Nos. 128, 135.

156 U.S. 552 (1895)


Supreme Court of United States.

Decided March 4, 1895.

Attorney(s) appearing for the Case

Mr. Assistant Attorney General Conrad, for the United States.

Mr. George S. Boutwell and Mr. Joseph H. Choate for the Berdan Co.

MR. JUSTICE BREWER, after stating the case, delivered the opinion of the court.

Three questions are presented: First, did the court err in denying relief to the petitioner on the first cause of action; second, was the petitioner entitled to recover from the United States on the second cause of action; and, third, if so, was there any mistake in the amount awarded?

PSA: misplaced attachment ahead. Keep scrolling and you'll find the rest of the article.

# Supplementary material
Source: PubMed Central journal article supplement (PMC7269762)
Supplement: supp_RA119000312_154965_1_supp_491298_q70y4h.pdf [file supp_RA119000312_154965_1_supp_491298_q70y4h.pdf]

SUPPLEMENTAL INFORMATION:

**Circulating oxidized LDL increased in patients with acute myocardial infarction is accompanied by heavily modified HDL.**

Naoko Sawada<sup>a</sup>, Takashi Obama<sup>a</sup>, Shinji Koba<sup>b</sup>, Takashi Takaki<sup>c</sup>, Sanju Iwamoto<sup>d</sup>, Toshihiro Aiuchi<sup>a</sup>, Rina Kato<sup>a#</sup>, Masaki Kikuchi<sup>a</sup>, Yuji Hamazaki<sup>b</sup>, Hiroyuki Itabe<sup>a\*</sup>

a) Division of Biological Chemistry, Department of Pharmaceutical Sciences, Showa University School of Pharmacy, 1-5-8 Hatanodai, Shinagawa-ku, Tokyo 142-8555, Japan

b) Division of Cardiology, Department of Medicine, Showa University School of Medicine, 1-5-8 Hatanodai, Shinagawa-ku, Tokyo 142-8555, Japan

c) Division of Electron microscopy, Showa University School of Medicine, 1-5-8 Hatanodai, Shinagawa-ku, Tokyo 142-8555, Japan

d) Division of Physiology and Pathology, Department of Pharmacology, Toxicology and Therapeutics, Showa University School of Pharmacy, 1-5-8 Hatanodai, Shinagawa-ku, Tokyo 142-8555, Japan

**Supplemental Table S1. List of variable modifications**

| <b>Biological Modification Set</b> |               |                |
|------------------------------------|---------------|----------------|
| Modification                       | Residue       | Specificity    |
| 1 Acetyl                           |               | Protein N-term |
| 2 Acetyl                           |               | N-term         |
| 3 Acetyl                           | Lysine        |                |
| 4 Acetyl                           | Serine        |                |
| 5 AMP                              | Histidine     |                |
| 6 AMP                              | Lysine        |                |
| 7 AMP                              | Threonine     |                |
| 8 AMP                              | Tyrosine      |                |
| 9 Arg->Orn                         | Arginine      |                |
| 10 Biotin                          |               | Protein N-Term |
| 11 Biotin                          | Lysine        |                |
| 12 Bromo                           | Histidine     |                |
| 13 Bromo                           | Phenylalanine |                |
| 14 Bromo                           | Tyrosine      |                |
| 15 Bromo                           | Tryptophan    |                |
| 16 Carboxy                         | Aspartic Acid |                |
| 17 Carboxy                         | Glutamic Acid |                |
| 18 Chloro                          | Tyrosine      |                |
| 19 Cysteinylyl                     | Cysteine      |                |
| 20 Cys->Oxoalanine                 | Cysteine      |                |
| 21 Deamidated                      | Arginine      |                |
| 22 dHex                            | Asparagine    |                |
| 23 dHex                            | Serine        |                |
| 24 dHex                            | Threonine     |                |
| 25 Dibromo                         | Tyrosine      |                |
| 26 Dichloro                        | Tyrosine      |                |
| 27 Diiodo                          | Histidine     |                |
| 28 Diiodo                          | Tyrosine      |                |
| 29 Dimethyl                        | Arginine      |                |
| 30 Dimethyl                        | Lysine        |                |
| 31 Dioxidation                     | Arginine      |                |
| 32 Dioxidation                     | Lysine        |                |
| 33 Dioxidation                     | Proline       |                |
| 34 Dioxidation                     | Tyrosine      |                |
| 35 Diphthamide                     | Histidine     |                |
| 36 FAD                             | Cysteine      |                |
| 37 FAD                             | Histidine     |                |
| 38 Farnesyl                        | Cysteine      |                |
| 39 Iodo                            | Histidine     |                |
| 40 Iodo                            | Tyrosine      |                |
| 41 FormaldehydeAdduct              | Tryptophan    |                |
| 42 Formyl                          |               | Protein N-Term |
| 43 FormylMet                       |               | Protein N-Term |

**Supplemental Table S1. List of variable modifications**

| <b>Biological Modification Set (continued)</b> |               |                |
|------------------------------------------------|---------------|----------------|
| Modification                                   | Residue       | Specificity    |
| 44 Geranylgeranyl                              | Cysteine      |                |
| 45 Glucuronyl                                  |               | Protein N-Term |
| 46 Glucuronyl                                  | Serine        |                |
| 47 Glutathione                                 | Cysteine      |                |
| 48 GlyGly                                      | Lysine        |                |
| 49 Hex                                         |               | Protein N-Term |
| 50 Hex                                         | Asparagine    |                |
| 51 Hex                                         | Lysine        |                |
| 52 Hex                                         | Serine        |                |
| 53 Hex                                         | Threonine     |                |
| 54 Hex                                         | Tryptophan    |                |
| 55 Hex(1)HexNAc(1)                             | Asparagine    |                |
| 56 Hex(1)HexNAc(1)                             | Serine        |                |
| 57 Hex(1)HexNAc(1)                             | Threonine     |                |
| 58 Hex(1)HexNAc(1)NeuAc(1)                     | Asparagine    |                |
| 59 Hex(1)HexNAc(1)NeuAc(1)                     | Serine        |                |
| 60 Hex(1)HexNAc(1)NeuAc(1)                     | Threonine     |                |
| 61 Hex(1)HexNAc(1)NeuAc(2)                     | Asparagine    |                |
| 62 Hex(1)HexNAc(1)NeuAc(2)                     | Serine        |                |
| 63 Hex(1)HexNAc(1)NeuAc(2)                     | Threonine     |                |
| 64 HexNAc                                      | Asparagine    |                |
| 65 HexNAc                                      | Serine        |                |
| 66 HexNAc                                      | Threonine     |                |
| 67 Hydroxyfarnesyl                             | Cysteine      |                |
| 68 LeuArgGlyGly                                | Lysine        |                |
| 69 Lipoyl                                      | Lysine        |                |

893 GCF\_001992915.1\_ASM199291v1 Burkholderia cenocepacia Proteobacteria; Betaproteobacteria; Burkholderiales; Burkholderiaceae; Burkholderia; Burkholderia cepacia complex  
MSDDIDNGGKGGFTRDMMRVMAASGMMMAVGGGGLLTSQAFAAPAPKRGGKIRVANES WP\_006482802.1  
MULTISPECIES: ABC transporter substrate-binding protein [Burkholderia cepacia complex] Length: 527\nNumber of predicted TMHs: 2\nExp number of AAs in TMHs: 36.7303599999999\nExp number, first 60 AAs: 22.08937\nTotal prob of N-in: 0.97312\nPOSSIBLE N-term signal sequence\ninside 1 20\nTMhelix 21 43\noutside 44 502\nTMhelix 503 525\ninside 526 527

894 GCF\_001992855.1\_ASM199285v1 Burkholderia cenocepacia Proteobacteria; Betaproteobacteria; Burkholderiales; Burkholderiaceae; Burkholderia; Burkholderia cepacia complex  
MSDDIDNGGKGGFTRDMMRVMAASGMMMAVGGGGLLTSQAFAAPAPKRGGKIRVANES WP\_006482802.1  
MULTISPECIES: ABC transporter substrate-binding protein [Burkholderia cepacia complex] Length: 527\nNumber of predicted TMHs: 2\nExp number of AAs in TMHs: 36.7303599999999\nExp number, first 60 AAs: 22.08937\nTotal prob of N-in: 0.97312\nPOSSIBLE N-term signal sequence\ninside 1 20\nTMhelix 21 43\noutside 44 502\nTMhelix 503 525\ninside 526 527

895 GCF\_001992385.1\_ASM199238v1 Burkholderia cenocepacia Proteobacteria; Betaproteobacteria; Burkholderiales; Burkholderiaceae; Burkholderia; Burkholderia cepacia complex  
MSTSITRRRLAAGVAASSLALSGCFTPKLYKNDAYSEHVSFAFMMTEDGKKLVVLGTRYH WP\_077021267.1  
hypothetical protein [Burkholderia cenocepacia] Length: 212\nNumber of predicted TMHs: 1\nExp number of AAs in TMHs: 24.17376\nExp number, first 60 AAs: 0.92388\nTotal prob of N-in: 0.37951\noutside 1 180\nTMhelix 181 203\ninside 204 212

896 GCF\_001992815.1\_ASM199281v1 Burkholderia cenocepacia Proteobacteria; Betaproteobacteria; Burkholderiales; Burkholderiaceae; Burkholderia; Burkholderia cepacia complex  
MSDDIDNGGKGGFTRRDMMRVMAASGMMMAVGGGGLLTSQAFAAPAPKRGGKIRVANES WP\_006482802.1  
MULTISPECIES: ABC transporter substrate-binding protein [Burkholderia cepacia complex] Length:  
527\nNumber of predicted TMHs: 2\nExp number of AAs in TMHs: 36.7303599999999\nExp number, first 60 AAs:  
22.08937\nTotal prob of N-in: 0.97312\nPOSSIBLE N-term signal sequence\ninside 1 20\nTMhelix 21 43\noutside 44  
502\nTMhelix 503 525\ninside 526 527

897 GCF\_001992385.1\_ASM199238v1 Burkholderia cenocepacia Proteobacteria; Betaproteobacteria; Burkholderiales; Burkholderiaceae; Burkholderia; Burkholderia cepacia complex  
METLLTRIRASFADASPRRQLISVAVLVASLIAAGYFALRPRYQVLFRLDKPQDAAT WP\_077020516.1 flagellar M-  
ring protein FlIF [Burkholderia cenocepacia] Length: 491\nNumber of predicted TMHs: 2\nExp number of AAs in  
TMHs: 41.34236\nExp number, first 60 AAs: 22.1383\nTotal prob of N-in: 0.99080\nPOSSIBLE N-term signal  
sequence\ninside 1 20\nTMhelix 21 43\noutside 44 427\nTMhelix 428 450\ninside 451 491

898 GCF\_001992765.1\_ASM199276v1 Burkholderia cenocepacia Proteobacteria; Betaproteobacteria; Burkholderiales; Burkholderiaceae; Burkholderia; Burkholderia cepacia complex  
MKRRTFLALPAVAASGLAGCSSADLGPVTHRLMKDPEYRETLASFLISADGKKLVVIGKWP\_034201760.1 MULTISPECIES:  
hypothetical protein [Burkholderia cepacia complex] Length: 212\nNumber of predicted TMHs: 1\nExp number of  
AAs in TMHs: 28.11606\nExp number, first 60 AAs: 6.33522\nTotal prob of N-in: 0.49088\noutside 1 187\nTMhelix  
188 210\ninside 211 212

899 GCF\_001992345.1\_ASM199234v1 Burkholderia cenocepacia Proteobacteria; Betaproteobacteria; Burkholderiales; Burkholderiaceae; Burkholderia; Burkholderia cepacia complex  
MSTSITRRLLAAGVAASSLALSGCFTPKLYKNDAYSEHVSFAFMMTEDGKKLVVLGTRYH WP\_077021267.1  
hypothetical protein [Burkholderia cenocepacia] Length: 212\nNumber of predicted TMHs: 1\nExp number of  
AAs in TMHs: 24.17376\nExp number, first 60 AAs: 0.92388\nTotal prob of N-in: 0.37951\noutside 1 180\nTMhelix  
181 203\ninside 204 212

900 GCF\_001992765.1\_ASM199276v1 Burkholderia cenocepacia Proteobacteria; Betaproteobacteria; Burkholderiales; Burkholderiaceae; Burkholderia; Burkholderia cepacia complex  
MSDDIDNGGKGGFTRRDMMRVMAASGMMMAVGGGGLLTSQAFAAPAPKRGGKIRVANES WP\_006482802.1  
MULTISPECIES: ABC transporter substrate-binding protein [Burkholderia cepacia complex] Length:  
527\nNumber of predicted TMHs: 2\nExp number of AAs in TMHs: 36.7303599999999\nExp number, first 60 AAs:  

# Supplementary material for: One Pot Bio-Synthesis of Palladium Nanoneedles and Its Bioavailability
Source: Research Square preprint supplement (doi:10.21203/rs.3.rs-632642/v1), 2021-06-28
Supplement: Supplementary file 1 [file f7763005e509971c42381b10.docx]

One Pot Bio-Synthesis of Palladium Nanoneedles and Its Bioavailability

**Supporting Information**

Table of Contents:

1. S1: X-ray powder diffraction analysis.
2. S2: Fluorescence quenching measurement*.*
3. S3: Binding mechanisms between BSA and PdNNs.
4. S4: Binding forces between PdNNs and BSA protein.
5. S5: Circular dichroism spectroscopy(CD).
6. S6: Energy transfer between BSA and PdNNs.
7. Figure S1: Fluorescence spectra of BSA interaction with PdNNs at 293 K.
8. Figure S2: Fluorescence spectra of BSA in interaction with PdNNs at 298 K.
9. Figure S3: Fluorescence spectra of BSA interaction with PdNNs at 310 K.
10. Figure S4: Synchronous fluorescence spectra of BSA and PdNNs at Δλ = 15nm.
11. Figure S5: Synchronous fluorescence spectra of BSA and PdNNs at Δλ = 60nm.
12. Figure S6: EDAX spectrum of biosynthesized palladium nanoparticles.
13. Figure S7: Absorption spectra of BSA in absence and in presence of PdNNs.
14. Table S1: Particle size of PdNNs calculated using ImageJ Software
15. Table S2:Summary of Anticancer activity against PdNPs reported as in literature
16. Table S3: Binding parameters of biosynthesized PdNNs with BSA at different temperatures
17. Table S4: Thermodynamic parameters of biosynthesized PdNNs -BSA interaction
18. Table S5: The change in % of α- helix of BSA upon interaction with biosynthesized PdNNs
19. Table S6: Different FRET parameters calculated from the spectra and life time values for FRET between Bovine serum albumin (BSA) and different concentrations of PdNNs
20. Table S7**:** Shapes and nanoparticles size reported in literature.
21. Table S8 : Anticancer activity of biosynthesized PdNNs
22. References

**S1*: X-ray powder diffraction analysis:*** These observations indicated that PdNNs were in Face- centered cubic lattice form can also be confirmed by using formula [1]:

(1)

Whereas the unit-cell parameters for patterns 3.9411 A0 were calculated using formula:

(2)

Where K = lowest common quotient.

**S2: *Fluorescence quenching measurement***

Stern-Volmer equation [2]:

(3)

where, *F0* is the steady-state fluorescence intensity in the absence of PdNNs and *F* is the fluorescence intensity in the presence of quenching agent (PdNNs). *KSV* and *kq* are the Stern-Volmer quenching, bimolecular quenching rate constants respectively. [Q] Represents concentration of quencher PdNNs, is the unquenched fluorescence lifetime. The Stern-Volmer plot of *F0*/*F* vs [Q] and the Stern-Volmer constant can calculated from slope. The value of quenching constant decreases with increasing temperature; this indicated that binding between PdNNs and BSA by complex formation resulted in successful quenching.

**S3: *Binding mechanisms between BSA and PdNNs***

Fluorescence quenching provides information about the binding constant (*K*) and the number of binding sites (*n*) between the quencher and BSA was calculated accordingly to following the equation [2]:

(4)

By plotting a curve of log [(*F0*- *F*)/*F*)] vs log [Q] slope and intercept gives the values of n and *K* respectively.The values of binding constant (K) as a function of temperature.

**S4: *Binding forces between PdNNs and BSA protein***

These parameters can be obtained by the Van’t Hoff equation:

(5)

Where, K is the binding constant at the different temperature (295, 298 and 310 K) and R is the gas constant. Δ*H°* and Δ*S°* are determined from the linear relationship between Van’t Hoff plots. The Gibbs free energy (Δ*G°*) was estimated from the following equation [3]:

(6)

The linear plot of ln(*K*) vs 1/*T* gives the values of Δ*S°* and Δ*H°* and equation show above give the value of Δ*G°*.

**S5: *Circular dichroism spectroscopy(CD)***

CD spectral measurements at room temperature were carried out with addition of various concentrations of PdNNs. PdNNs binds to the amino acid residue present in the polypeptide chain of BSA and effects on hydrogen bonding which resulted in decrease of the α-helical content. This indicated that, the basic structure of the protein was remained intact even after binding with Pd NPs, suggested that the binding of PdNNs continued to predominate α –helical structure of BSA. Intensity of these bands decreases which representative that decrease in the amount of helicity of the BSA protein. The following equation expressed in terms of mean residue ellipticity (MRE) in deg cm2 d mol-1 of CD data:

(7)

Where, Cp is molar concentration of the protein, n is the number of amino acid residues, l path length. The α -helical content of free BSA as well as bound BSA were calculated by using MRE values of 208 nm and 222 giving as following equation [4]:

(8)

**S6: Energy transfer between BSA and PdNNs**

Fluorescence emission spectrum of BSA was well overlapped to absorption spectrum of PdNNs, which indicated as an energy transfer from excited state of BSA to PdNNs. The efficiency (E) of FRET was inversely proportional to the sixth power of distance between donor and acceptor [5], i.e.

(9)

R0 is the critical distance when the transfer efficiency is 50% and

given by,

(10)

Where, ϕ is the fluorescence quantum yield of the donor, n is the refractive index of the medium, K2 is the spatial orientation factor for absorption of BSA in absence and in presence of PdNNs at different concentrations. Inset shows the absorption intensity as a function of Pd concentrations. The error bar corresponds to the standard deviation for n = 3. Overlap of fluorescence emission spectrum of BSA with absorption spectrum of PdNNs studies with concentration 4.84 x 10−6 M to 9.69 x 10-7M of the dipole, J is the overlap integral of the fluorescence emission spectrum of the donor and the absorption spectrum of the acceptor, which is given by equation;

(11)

With respect to the first little need be said. The ninth finding is express, that the government never bought any guns from petitioner, (for the word "defendants" is obviously a clerical error,) and has never manufactured a gun after the model recommended by the Hancock board. It, therefore, never received any tangible property from the petitioner, nor ever trespassed upon any intangible right created by the patent. Beyond this it also appears that the patent was only for a combination, no single element of which was new; that it was intended for and was successful when used with rim-fire cartridges, and was not successful when used with centre-fire cartridges; that the government uses only the latter cartridges; that in order to adapt his patent to these cartridges the inventor added a new element for which neither singly nor in combination did he take out any patent. If, therefore, the government had used model No. 4, which was presented to the Hancock board, it would not have infringed any patent right. For where several elements, no one of which is novel, are united in a combination which is the subject of a patent, and these several elements are thereafter united with another element into a new combination, and this new combination performs a work which the patented combination could not, there is no infringement. Even if there were findings sufficient to show that the government had in any manner infringed upon this patent, there is nothing disclosing a contract, express or implied, and a mere infringement, which is only a tort, creates no cause of action cognizable in the Court of Claims. Gibbons v. United States, 8 Wall. 269; Morgan v. United States, 14 Wall. 531; Hill v. United States, 149 U.S. 593; Schillinger v. United States, 155 U.S. 163.